Disney enlists superfans as it prepares face off against Netflix
At D23 convention, Disney faithful sign up for streaming service offered at a deep discount
ANAHEIM, CALIF.—Jolie Ninness is a mega Disney fan—and Netflix Inc.’s worst nightmare.
The 29-year-old medical-office employee from San Diego came to D23, an annual gathering of Walt Disney Co.’s most ardent fans, and quickly signed up for a three-year subscription to Disney+, the company’s forthcoming streaming service. Once it arrives in November, she plans to cancel her Netflix subscription and instead opt for the classic Disney titles and “Simpsons” episodes available on Disney+.
Ms. Ninness was one of hundreds of consumers to sign up for the three-year deal, priced at roughly $141, at the last D23 convention before Disney+ is launched. If enough consumers like Ms. Ninness are on board when the service premieres, it could signal that Disney can go head-to-head with entrenched competitors such as Netflix and Amazon.com Inc.’s Prime Video.
Disney’s high-profile—and costly—attempt to compete in the streaming ecosystem was center stage at D23, where a slew of new shows and movies for the service was announced. Disney has an arguably unmatched ability to cross-promote its top priorities, whether at fan events like D23, at its theme parks or on its ABC network. But to attract a core base of subscribers, the company is offering subscription deals that come out to more than 70% off the cost of Netflix.
The three-year offer, currently only available to those attending the convention, will be open to any D23 club member through Sept. 2.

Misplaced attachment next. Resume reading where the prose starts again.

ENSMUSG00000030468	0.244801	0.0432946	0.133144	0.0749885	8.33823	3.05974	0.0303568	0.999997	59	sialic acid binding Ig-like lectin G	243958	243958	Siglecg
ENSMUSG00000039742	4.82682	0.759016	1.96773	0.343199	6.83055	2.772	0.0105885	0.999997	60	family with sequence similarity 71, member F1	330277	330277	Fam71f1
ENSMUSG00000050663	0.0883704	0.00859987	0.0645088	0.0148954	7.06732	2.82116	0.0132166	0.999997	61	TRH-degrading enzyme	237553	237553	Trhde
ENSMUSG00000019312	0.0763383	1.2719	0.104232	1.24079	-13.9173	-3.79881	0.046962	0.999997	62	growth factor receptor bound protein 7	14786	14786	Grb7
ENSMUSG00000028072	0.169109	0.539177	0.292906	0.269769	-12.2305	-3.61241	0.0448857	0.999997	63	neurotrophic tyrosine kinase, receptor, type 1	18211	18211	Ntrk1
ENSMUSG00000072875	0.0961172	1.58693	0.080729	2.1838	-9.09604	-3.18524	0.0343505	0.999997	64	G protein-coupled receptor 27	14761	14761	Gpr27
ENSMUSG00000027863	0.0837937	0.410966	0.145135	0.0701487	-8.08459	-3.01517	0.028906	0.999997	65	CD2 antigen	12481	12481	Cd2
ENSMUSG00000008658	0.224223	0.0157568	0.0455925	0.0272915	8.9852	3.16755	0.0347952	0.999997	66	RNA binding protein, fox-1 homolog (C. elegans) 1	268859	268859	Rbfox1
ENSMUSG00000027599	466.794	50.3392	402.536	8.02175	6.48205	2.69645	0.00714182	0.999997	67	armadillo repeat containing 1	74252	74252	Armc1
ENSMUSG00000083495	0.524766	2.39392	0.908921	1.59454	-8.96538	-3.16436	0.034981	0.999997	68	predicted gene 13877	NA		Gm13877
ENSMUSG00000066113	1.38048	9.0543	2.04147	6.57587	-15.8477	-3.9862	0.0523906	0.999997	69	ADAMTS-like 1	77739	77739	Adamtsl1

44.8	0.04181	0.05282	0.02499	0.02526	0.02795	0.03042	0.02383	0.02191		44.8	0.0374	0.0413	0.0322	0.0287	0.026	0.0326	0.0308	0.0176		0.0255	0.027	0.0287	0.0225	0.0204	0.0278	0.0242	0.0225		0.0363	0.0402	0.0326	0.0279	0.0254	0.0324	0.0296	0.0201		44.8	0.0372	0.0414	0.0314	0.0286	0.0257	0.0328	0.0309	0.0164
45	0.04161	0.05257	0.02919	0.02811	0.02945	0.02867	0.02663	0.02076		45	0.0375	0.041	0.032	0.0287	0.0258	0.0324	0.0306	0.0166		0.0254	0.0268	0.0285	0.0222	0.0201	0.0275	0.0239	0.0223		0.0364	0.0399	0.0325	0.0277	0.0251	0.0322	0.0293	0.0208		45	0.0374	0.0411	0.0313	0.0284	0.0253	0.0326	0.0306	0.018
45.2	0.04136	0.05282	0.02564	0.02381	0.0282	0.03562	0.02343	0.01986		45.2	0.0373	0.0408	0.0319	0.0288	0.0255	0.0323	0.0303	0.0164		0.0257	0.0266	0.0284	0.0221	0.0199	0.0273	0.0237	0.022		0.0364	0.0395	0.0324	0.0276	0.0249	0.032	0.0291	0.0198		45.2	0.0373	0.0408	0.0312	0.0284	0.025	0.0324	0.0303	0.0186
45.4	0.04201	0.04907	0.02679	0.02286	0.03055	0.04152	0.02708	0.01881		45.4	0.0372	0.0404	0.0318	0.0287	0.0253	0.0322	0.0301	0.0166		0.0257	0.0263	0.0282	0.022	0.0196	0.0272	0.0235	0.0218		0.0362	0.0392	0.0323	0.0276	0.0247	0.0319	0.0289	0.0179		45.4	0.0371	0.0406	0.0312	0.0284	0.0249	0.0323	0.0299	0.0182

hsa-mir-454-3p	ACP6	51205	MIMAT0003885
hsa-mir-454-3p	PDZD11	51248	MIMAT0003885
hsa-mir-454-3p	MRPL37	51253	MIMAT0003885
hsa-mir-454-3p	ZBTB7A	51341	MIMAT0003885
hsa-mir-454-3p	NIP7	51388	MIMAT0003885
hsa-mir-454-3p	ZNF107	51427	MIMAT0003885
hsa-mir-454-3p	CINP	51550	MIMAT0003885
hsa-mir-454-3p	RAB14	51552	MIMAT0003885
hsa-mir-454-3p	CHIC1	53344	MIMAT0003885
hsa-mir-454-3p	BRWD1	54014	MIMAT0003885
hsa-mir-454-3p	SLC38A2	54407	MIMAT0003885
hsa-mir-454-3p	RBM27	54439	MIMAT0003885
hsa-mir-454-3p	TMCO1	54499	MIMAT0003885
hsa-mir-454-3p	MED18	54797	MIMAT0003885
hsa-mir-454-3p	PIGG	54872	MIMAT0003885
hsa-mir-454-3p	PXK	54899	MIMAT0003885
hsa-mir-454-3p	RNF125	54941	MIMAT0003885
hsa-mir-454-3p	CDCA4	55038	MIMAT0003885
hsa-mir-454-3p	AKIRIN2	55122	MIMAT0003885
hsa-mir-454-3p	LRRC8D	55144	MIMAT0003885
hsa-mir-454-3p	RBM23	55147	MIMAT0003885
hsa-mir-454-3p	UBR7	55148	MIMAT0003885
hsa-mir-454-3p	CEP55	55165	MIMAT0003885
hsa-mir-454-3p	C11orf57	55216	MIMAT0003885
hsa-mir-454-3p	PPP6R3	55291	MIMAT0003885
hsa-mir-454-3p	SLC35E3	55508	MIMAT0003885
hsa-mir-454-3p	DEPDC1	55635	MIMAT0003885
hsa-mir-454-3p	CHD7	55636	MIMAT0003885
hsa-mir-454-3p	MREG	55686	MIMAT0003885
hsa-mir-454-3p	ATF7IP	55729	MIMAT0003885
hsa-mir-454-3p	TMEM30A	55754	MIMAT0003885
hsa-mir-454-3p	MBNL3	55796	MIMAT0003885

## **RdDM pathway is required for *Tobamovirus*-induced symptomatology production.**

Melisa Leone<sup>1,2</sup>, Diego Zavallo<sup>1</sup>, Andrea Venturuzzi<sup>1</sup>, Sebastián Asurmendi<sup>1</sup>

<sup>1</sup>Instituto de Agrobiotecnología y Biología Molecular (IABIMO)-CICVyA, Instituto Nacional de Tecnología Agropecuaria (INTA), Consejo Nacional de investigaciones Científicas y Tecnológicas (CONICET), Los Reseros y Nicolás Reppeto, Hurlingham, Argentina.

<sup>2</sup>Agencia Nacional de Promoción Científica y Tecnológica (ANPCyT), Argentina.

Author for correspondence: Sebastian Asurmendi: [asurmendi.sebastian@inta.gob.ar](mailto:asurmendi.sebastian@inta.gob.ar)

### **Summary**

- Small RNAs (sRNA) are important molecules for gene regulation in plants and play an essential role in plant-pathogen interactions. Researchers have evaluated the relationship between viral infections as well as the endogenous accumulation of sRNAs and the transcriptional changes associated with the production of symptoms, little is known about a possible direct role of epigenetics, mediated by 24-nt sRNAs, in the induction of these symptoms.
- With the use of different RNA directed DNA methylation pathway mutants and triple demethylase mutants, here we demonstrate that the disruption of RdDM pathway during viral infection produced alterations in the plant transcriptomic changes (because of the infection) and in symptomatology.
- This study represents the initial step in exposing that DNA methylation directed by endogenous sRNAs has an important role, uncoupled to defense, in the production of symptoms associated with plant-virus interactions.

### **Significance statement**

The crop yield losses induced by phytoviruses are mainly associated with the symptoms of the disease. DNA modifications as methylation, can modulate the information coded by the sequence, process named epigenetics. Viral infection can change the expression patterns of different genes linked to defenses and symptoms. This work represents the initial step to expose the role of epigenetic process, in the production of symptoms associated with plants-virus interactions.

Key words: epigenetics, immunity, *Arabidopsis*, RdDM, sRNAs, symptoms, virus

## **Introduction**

In a sign of D23’s importance to the company, the presentation occupied the largest hall at the Anaheim convention center and was kicked off by Kevin Mayer, a longtime Disney executive in charge of its streaming efforts who is seen by analysts and company insiders as a potential successor to Chief Executive Robert Iger.
The Disney+ library will include programming from established franchise engines such as Marvel Studios and Lucasfilm Ltd., but the D23 presentation made it clear Disney also wants to compete with Netflix in reality shows and nonfiction programming.
“We have the brands that matter most,” said Mr. Mayer. Netflix declined to comment. At kiosks on the D23 convention floor, fans lined up to enter credit-card information and sign up for a three-year subscription, a commitment that also grants them access to the “Disney+ Founders Circle.”
The D23 offer is about 33% off the usual price for three years of Disney+, but what Disney loses in revenue it might make up for in enthusiasm on Wall Street.
Disney is competing with Netflix, which already has more than 150 million subscribers, and Amazon Prime, which has more than 100 million. Investors want to see proof that Disney can quickly build up a subscriber base that puts it on par with those services.
At an event for investors earlier this year, Disney said it expects to have between 60 million and 90 million subscribers by the end of fiscal 2024, at which point it should achieve profitability.
To get there, Disney has said it expects to make a cash investment of more than $1 billion in fiscal 2020, going up to about $2.5 billion by 2024. The company is pulling its movies and shows from Netflix in preparation for the Disney+ launch, a decision the company has said will cost it about $150 million in operating income—but that also deprives Netflix of popular programming including Marvel and Star Wars titles.
Disney+ is to launch in several
international markets this year, representing potential competition for Netflix’s plans for overseas expansion. And the new Disney service’s focus on familyfriendly programming could eat into Netflix’s subscriber base of parents who rely on the service to entertain their children.